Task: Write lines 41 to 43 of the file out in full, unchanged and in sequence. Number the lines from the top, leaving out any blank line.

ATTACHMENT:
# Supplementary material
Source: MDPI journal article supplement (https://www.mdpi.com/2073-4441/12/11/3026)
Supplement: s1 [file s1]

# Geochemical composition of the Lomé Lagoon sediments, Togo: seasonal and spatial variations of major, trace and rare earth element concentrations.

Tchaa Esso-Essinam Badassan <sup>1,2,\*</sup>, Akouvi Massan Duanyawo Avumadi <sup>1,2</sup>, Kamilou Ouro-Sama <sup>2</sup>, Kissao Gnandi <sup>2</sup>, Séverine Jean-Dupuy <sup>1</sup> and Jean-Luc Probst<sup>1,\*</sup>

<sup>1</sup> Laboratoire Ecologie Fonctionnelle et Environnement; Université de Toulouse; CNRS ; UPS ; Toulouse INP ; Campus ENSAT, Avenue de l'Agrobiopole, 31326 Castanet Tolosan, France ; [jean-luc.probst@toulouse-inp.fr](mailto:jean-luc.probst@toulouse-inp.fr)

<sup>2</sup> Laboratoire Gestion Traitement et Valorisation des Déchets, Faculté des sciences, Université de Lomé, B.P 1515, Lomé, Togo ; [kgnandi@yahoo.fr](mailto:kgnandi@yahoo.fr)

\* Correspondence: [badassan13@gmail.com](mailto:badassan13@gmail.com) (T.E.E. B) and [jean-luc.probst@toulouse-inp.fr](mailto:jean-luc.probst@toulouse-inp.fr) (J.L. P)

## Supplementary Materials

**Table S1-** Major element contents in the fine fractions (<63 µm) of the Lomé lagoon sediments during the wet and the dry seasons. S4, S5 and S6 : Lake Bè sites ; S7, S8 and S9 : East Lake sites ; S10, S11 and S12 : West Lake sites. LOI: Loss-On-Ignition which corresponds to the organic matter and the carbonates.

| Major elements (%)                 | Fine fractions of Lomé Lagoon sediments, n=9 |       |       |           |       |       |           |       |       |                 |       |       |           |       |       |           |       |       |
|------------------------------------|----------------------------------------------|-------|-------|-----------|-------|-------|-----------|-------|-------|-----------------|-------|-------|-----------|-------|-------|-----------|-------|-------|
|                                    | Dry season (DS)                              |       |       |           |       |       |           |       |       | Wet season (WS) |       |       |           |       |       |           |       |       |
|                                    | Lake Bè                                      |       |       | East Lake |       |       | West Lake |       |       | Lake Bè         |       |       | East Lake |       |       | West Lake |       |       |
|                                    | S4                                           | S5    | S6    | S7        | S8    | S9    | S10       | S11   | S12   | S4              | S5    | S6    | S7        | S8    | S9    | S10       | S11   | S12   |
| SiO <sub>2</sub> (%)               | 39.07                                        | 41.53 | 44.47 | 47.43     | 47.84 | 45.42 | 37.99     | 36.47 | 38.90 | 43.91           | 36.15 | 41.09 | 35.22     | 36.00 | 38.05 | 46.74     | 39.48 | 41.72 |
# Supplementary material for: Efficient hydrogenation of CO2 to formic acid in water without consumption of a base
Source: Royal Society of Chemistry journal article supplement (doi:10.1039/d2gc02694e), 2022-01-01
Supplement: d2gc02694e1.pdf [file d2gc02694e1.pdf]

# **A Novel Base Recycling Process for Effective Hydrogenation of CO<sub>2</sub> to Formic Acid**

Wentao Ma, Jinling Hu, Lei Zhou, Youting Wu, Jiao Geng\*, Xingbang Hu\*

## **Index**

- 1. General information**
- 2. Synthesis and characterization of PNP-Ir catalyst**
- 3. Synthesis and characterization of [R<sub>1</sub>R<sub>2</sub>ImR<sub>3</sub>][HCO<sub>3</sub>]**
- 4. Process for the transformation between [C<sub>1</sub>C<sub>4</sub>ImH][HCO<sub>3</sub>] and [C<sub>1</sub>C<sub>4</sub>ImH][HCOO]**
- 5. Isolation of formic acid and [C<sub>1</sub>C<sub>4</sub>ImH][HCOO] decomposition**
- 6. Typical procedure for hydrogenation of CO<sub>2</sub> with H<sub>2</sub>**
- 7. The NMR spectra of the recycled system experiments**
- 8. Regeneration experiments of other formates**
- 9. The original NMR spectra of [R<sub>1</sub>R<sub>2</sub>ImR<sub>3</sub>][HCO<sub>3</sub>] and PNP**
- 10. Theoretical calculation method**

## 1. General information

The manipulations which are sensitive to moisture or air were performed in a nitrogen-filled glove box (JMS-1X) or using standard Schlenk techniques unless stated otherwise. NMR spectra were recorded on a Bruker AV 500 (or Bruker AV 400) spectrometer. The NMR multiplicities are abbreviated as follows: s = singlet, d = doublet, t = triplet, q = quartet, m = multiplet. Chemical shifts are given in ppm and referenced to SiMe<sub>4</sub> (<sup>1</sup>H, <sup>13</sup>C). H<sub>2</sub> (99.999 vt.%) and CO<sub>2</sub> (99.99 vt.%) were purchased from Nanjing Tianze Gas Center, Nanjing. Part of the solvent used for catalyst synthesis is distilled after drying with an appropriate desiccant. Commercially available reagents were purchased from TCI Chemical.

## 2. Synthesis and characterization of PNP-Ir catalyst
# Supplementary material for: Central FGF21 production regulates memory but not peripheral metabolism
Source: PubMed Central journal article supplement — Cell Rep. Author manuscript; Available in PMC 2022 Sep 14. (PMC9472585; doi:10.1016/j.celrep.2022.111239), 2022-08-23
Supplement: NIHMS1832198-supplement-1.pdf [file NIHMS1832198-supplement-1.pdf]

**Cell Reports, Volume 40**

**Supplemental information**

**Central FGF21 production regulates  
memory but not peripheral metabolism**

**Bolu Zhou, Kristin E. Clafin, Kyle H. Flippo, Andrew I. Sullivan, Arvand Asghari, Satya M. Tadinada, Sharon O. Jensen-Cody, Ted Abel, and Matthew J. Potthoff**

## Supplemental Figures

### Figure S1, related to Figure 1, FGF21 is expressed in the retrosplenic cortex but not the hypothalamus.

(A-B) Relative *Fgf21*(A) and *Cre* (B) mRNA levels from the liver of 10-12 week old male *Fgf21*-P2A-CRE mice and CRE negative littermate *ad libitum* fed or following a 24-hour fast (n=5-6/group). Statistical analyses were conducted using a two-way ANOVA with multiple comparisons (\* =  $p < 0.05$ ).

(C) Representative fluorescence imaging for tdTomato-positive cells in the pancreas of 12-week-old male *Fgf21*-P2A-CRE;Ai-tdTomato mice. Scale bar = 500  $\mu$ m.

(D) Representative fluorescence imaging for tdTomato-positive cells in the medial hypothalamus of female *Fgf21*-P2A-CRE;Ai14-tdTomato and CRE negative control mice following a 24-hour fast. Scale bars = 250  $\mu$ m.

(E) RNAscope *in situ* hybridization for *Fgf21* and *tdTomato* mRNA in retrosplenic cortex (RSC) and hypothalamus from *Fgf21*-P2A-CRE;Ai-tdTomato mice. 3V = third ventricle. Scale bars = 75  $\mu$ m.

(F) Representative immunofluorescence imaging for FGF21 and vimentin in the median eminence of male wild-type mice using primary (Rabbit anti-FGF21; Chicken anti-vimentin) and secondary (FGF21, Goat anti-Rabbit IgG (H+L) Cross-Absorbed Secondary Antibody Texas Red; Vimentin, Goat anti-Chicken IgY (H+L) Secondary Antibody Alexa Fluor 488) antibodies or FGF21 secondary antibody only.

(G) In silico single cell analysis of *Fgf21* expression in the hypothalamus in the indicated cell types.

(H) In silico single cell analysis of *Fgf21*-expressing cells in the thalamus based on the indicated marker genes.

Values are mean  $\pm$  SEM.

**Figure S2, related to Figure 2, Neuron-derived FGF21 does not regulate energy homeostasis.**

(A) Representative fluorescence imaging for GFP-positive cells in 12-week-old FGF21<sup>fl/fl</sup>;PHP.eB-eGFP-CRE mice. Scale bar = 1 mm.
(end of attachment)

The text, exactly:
**Central FGF21 production regulates  
memory but not peripheral metabolism**

**Bolu Zhou, Kristin E. Clafin, Kyle H. Flippo, Andrew I. Sullivan, Arvand Asghari, Satya M. Tadinada, Sharon O. Jensen-Cody, Ted Abel, and Matthew J. Potthoff**